The fluoroquinolone antibiotics are important drugs indeed – ciprofloxacin is probably the most famous of the bunch, but there’s a whole series of them, and they’re widely used for serious bacterial infections. (I last wrote about them here, with the various arguments about how they were developed in the first place). But for many years now, it’s been increasingly clear that this class of drugs can have some very unwelcome effects in some patients. The most prominent of these is tendon damage, which often showing up as problems with the Achilles tendon, up to outright rupture even months after drug treatment. Other muscle and connective tissue effects have been seen, as well as CNS effects and others. Over the years, the drugs have picked up black-box warnings for these effects, which seems entirely appropriate. Any theory has to take into account the fact that the great majority of patients seem tolerate the drugs pretty well, but that suggests that a better knowledge of the mechanism might let you pick out which people shouldn’t take them in the first place. This article at is a good summary of current research in the area. Gareth Gillespie and Sarah Baggot highlight the risk of tendon ruptures as a complication of ciprofloxacin The antibiotic ciprofloxacin is widely used in Singapore and Hong Kong – but while its uses are well-known, a rare but well-established complication, tendon rupture, is less so. MPS has recently handled a number of cases in Singapore where a patient has suffered tendon rupture after taking ciprofloxacin, yet the prescribing doctor was unaware of this complication. Our aim is not so much to influence clinical judgment about appropriate antibiotic use but to increase awareness, so that doctors and patients are better informed during the consent process. The complication, although not very common, is more widely known in countries such as the United Kingdom and the United States; this article explores the available literature to highlight the complication’s symptoms and signs, patient risk factors, and the likelihood of it occurring. Ciprofloxacin is part of a group of fluoroquinolone antibiotics and is used to treat respiratory, urinary tract, gastrointestinal and abdominal infections. Fluoroquinolone-associated tendinopathy was first reported in 1983, when a 56-year-old renal transplant patient who was taking norfloxacin for a urinary tract infection with septicemia, developed Achilles tendinopathy. Although norfloxacin, ofloxacin, pfloxacin and levofloxacin have been linked to tendon injuries, a study published in 2000 concluded that ciprofloxacin was the most common fluoroquinolone in such cases, appearing in 90% of them.

    Cipro tendonitis

    When antibiotics turn toxic - Nature, Fluoroquinolones and Tendinopathy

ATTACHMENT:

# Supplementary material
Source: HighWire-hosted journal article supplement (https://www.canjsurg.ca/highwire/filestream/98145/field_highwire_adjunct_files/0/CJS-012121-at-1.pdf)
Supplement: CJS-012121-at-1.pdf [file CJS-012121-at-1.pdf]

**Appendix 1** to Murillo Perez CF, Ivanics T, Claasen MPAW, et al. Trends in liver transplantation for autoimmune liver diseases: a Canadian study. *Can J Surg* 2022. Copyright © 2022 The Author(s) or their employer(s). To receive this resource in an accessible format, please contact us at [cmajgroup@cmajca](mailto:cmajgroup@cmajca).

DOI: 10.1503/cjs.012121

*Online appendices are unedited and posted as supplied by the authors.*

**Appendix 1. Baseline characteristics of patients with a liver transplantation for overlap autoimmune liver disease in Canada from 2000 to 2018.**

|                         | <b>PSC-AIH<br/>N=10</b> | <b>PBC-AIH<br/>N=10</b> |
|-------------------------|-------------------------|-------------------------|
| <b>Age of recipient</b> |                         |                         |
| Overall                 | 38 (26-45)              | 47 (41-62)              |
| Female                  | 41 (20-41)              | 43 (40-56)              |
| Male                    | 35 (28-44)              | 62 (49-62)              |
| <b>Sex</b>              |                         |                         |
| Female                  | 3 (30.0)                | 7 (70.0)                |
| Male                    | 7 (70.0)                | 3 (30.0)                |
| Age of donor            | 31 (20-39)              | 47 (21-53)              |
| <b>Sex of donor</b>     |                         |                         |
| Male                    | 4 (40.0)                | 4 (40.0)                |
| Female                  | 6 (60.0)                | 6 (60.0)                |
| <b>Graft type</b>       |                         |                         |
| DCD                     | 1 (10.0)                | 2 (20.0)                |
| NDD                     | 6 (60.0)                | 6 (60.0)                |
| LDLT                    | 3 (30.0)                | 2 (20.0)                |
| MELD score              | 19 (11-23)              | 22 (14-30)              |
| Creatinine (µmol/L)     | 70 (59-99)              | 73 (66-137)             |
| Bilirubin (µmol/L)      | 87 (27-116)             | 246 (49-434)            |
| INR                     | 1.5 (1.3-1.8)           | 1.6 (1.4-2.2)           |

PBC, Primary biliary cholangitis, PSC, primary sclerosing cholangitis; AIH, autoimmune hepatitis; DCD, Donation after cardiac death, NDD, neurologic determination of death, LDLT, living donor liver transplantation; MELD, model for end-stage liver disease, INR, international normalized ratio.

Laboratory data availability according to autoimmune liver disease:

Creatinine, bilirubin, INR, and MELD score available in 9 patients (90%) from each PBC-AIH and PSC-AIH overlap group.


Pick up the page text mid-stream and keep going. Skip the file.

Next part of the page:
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  4. FDA Warns of Tendon Damage Linked to Antibiotics. Levaquin levofloxacin and Cipro ciprofloxacin are the most common. But there are.

    • FDA Warns of Tendon Damage Linked to Antibiotics Runner's World.
    • Achilles tendon disease in lung transplant recipients association..
    • Ciprofloxacin Induced Tendinitis JCR Journal of Clinical..

    Apr 9, 2012. Cipro belongs to the fluoroquinolones family of antibiotics. There is an increased risk for tendonitis or tendon rupture when combining the. Jan 7, 2016. What is the connection between Cipro and Tendonitis? You might be shocked to find out that your antibiotic might be the cause of your. Jun 1, 2016. Tendinopathy can be an Achilles heel for both patients and health care. He was prescribed the fluoroquinolone ciprofloxacin 500 mg.

     
  5. n00l Well-Known Member

    This combination results in an antibiotic with an increased spectrum of action and restored efficacy against amoxicillin-resistant bacteria that produce β-lactamase. Possible side effects include diarrhea, vomiting, nausea, thrush, and skin rash. As with all antimicrobial agents, antibiotic-associated diarrhea due to Clostridium difficile infection—sometimes leading to pseudomembranous colitis—may occur during or after treatment with amoxicillin/clavulanic acid. Rarely, cholestatic jaundice (also referred to as cholestatic hepatitis, a form of liver toxicity) has been associated with amoxicillin/clavulanic acid. The reaction may occur up to several weeks after treatment has stopped, and usually takes weeks to resolve. It is more frequent in men, older people, and those who have taken long courses of treatment; the estimated overall incidence is one in 100,000 exposures. Amoxicillin/clavulanic acid is the International Nonproprietary Name (INN) and co-amoxiclav is the British Approved Name (BAN). Many branded products indicate their strengths as the quantity of amoxicillin. Amoxicillin–Potassium Clavulanate - Drug Information AMOXICILLIN-CLAVULANATE POT ER - WebMD What Is Amoxicillin and Clavulanate Potassium